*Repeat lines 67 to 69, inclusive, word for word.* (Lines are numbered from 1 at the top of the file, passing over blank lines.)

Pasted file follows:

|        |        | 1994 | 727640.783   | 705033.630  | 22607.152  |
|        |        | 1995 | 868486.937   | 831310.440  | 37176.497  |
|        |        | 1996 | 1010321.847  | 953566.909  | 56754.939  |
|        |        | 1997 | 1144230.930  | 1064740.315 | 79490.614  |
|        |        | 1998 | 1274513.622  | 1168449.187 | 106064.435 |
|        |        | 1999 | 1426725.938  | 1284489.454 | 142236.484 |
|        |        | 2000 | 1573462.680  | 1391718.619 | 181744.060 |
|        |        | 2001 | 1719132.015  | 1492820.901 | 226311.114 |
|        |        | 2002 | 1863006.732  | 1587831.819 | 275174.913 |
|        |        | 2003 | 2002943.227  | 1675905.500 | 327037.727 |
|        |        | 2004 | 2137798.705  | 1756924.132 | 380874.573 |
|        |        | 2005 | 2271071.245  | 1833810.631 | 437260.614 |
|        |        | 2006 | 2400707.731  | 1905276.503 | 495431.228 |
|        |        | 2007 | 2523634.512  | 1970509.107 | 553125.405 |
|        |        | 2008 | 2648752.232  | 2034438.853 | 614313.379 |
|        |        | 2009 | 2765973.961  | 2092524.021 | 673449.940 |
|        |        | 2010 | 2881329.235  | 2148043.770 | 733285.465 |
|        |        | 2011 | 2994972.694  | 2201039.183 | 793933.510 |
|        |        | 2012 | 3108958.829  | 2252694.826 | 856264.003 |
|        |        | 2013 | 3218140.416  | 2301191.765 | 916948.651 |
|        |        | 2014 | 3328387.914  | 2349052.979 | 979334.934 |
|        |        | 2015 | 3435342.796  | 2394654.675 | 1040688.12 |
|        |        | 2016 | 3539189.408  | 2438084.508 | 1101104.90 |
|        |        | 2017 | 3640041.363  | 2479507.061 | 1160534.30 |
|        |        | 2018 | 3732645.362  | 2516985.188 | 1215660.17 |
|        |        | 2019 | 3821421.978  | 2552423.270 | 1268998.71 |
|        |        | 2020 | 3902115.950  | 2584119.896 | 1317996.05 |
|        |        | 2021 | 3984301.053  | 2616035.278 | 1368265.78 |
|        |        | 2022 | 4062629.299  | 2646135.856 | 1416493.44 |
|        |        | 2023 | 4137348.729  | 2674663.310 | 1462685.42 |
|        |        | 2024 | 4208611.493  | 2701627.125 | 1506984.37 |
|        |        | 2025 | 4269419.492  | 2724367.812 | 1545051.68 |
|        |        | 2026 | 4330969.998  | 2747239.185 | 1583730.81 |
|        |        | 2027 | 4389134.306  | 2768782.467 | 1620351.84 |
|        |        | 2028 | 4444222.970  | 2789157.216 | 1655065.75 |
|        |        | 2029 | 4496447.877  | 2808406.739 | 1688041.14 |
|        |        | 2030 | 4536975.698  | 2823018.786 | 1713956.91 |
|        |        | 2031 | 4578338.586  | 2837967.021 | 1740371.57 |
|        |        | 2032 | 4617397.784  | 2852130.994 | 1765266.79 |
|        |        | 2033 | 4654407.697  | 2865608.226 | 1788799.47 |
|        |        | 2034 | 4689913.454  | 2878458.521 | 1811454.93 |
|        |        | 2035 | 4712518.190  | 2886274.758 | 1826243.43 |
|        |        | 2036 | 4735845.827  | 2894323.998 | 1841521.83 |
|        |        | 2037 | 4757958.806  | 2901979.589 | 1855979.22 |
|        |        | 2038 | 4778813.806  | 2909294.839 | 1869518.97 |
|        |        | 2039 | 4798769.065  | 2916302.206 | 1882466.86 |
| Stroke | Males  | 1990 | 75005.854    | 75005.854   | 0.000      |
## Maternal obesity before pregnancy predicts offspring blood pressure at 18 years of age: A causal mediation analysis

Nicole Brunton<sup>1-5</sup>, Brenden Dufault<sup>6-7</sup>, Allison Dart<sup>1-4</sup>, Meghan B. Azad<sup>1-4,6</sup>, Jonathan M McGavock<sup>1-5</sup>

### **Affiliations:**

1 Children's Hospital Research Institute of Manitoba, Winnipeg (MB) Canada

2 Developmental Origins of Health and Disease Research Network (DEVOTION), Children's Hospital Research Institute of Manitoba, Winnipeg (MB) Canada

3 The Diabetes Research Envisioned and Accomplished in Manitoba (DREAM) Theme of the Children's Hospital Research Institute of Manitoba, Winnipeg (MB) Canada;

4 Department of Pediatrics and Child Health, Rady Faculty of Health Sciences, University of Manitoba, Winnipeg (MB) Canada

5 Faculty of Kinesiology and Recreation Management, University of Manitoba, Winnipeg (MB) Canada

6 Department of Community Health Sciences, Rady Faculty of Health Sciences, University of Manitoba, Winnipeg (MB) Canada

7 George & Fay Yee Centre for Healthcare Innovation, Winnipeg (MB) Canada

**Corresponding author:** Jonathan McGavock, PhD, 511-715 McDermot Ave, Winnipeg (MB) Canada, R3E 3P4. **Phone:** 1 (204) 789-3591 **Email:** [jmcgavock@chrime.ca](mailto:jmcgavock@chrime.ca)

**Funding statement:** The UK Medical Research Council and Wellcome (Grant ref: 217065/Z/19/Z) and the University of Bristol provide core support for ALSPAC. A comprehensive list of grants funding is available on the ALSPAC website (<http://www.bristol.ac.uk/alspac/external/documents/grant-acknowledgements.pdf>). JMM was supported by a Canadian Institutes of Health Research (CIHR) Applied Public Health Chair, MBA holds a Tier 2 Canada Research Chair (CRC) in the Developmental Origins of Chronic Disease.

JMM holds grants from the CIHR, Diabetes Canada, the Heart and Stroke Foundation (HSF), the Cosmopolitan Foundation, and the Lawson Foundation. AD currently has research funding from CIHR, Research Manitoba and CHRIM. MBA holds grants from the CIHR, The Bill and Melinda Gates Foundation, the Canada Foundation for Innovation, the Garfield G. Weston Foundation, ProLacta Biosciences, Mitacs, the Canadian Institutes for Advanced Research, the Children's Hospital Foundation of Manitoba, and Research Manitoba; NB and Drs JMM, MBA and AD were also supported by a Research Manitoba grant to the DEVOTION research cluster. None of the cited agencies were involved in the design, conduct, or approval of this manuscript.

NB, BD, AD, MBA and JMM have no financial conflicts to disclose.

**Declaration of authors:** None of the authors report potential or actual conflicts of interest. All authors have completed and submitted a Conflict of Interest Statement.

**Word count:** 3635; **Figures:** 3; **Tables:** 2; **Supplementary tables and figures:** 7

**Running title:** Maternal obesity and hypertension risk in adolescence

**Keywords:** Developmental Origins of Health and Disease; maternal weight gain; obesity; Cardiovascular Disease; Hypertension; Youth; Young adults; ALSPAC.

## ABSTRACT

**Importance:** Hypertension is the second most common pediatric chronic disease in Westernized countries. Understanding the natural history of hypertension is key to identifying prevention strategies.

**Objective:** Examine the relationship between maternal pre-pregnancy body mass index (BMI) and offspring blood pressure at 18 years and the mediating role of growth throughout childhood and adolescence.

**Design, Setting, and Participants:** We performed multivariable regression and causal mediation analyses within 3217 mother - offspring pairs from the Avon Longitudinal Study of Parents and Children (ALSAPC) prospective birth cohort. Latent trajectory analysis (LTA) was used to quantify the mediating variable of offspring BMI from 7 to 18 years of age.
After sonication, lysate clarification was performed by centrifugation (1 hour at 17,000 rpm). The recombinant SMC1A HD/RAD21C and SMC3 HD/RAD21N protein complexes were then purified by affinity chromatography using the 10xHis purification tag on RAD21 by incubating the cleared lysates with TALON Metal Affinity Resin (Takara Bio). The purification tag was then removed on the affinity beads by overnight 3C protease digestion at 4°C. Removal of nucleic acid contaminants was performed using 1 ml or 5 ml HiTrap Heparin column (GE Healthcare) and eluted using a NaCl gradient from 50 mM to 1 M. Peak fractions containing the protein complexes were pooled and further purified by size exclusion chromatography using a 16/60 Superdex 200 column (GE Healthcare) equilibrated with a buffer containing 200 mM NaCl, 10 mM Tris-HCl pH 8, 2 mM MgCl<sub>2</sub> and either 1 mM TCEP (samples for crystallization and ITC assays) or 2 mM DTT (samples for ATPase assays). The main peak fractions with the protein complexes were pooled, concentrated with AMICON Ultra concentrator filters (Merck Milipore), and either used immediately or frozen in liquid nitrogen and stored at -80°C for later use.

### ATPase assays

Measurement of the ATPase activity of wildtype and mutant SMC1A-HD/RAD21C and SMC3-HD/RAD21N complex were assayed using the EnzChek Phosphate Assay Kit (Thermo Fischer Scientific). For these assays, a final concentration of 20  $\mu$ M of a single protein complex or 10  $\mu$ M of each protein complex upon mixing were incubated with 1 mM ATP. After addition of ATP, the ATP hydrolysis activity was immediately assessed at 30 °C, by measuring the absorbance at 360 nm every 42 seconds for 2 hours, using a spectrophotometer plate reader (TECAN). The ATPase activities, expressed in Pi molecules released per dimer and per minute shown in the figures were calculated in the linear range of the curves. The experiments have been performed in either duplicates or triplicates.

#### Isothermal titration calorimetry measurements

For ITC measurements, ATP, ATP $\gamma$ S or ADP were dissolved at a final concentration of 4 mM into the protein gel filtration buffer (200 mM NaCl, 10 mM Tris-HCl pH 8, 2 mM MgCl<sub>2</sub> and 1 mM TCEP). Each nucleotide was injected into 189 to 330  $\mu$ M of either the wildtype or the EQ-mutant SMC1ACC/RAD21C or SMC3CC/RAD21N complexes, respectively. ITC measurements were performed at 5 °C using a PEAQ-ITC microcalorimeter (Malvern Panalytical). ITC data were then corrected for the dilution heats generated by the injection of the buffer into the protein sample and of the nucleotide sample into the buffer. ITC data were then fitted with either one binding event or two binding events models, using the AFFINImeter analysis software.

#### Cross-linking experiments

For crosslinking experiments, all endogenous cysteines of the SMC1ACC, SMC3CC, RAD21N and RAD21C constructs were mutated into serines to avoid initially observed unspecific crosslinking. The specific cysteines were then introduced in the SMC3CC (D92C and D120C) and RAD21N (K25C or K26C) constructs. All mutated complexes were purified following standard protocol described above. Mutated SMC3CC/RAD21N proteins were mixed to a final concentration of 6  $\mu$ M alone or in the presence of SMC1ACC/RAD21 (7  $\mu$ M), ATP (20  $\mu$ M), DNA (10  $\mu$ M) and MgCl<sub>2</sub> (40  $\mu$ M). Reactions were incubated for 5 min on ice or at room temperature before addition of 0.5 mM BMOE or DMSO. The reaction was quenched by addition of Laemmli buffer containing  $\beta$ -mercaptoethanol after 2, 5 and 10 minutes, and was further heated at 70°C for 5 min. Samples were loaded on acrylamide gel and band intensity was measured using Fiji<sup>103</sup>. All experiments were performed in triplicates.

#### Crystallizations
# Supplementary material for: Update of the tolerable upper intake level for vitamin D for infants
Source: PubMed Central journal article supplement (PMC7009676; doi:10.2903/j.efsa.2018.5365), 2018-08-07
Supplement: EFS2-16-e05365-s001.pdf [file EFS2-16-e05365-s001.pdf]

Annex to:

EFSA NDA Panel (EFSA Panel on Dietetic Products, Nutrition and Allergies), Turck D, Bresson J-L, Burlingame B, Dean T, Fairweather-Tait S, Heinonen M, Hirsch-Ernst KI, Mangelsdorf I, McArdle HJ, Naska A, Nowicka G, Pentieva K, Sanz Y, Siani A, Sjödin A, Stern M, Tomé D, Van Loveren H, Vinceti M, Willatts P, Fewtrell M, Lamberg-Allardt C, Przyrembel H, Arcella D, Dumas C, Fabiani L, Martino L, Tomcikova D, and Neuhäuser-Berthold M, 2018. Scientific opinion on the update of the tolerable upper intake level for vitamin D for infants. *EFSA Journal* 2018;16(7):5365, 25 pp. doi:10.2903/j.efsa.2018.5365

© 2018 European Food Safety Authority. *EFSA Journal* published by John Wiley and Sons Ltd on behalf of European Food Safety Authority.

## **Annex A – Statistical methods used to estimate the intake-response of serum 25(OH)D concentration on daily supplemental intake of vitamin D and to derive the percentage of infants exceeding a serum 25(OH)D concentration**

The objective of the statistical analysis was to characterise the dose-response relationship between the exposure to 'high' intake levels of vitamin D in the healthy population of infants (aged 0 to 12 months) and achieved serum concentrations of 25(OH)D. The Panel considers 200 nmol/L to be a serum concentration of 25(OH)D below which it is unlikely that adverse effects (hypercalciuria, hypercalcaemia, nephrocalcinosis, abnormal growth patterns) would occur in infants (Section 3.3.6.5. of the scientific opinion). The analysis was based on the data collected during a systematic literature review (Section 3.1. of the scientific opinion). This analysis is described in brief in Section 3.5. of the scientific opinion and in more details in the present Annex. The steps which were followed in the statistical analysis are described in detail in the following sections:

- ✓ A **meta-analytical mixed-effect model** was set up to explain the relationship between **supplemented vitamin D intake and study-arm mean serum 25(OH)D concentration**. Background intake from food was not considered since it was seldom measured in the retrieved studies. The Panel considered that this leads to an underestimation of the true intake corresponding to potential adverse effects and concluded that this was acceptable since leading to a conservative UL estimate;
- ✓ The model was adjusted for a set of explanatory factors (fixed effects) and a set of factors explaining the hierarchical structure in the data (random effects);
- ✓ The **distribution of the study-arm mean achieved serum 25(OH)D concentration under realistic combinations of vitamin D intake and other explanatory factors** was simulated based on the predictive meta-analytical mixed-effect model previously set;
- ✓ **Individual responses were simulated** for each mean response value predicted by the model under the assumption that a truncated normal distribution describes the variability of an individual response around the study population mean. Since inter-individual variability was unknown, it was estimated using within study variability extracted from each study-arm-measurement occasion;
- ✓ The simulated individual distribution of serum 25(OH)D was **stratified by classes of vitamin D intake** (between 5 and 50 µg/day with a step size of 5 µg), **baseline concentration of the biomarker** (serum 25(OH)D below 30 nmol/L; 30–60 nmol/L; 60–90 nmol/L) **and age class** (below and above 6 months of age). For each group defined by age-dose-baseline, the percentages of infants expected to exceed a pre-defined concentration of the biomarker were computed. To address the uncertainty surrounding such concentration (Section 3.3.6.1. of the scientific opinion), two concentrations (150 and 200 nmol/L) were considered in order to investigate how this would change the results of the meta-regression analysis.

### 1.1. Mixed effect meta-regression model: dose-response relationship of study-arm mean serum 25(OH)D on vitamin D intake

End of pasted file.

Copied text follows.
**Importance:** Hypertension is the second most common pediatric chronic disease in Westernized countries. Understanding the natural history of hypertension is key to identifying prevention strategies.

**Objective:** Examine the relationship between maternal pre-pregnancy body mass index (BMI) and offspring blood pressure at 18 years and the mediating role of growth throughout childhood and adolescence.

**Design, Setting, and Participants:** We performed multivariable regression and causal mediation analyses within 3217 mother - offspring pairs from the Avon Longitudinal Study of Parents and Children (ALSAPC) prospective birth cohort. Latent trajectory analysis (LTA) was used to quantify the mediating variable of offspring BMI from 7 to 18 years of age.